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Capital Punishment in Independent IrelandA Social, Legal and Political History$
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David M. Doyle and Liam O'Callaghan

Print publication date: 2020

Print ISBN-13: 9781789620276

Published to Liverpool Scholarship Online: May 2020

DOI: 10.3828/liverpool/9781789620276.001.0001

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PRINTED FROM LIVERPOOL SCHOLARSHIP ONLINE (www.liverpool.universitypressscholarship.com). (c) Copyright Liverpool University Press, 2021. All Rights Reserved. An individual user may print out a PDF of a single chapter of a monograph in LSO for personal use.date: 17 April 2021

Women and the Death Penalty

Women and the Death Penalty

Chapter:
(p.101) Chapter 3 Women and the Death Penalty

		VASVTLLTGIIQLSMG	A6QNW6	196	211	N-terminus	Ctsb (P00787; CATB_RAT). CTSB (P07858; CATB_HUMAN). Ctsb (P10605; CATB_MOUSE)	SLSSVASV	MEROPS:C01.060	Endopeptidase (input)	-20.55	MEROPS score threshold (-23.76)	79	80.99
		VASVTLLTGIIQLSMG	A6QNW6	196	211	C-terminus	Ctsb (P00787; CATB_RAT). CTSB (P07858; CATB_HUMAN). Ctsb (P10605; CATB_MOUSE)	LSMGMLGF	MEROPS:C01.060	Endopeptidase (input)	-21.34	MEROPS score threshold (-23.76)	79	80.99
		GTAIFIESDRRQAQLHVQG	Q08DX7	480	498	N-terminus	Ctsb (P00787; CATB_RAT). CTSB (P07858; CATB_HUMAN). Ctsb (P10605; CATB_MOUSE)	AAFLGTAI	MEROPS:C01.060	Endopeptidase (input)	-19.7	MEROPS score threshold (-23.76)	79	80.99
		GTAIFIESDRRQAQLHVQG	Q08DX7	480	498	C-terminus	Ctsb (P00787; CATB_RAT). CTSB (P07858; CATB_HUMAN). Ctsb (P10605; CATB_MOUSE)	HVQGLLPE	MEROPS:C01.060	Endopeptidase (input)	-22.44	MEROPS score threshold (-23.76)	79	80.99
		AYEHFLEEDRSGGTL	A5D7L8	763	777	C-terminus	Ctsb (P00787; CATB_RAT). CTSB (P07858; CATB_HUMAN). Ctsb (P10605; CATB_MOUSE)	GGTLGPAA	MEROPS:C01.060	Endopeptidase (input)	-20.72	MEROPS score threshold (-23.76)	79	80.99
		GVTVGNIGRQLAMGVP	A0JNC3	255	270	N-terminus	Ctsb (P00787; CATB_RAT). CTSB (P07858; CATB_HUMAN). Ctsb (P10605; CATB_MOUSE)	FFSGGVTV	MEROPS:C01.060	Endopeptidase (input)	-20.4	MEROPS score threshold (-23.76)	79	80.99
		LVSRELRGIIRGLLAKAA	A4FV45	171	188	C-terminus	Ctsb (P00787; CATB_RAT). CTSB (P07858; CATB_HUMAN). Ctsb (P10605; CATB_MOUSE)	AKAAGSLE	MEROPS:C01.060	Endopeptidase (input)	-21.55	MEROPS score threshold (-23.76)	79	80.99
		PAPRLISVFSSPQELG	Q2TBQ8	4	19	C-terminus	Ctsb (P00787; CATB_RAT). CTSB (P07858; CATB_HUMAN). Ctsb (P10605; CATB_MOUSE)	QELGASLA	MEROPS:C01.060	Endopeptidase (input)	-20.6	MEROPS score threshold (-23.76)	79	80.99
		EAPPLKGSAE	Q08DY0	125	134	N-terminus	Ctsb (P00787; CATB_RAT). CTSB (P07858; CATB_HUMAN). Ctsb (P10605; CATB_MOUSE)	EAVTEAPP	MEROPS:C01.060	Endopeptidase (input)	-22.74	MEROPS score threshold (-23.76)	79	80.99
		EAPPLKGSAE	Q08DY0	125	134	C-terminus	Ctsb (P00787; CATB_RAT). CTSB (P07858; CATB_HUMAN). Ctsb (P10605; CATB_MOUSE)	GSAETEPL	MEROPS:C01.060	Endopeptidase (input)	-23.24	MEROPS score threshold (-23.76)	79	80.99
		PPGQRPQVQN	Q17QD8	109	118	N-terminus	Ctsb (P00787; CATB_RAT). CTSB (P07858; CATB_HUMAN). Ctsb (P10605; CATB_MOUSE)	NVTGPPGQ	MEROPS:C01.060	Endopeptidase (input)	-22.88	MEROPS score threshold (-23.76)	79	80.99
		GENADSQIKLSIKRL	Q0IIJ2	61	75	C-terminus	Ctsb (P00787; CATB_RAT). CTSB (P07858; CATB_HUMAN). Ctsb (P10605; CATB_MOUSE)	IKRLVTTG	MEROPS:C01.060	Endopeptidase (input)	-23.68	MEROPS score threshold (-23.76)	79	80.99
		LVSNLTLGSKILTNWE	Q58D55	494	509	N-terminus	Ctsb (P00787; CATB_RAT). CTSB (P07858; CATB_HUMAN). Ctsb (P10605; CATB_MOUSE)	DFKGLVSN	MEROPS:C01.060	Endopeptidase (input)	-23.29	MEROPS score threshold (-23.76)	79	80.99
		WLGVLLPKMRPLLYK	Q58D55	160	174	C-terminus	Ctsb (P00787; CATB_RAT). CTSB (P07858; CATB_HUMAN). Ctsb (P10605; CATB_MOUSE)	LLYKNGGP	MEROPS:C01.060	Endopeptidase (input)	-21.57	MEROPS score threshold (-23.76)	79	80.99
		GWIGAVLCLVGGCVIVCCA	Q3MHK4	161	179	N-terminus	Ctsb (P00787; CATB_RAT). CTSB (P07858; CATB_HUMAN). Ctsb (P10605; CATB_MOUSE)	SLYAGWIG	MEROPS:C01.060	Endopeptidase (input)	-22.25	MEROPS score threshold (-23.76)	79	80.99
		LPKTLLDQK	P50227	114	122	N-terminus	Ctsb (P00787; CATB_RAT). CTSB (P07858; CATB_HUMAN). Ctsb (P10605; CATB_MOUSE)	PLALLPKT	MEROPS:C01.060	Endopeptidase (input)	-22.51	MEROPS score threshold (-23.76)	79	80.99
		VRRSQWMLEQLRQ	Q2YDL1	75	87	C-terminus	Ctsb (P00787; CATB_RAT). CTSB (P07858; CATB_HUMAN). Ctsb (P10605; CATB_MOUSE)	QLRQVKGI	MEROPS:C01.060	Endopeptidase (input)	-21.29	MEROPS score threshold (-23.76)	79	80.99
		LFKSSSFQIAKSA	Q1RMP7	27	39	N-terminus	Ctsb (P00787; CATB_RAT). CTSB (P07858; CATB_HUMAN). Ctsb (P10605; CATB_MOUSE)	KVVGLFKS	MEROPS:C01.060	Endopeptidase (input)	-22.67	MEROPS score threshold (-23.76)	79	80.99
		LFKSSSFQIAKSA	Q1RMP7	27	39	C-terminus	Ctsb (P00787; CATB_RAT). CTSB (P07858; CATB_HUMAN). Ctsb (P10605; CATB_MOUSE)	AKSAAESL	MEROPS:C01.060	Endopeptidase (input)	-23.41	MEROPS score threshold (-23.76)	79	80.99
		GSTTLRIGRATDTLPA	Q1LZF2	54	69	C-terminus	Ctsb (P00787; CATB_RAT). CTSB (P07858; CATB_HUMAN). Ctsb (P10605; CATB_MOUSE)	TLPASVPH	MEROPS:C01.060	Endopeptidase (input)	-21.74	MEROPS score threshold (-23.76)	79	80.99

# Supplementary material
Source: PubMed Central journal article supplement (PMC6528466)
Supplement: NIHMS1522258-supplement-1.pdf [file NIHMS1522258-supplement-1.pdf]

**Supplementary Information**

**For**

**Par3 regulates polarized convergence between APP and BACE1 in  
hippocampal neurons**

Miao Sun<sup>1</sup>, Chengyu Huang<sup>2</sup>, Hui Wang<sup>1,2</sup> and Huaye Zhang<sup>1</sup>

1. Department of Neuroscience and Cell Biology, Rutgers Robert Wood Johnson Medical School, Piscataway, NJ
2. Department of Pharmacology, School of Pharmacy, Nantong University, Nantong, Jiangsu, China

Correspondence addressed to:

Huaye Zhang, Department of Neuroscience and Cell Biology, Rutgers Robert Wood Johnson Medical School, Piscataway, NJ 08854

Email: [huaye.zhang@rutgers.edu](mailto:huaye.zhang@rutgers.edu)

Source:
Capital Punishment in Independent Ireland
Author(s):

David M. Doyle

Liam O’Callaghan

Publisher:
Liverpool University Press
DOI:10.3828/liverpool/9781789620276.003.0004

This chapter discusses the fate of women sentenced to death in independent Ireland. The majority of the women sentenced to death had killed babies and the judiciary and politicians instinctively looked upon them with pity. Death sentences in such cases were quickly commuted until 1949 when new legislation created the offence of infanticide which was dealt with much more leniently. A smaller number of women were convicted of killing adults and, as this chapter argues, their culpability was usually called into question by the patriarchal judicial and political establishment. In particular decision-makers deployed discourses around morality, sanity and social circumstances to make sense of the actions of this group of women, most of whom were impoverished and socially powerless. Thus with one notable exception – Annie Walsh, who was executed in 1926 – governments were minded to draw back from executing women and closely controlled their lives post-reprieve.

Keywords:   women, infanticide, morality, sanity, patriarchy

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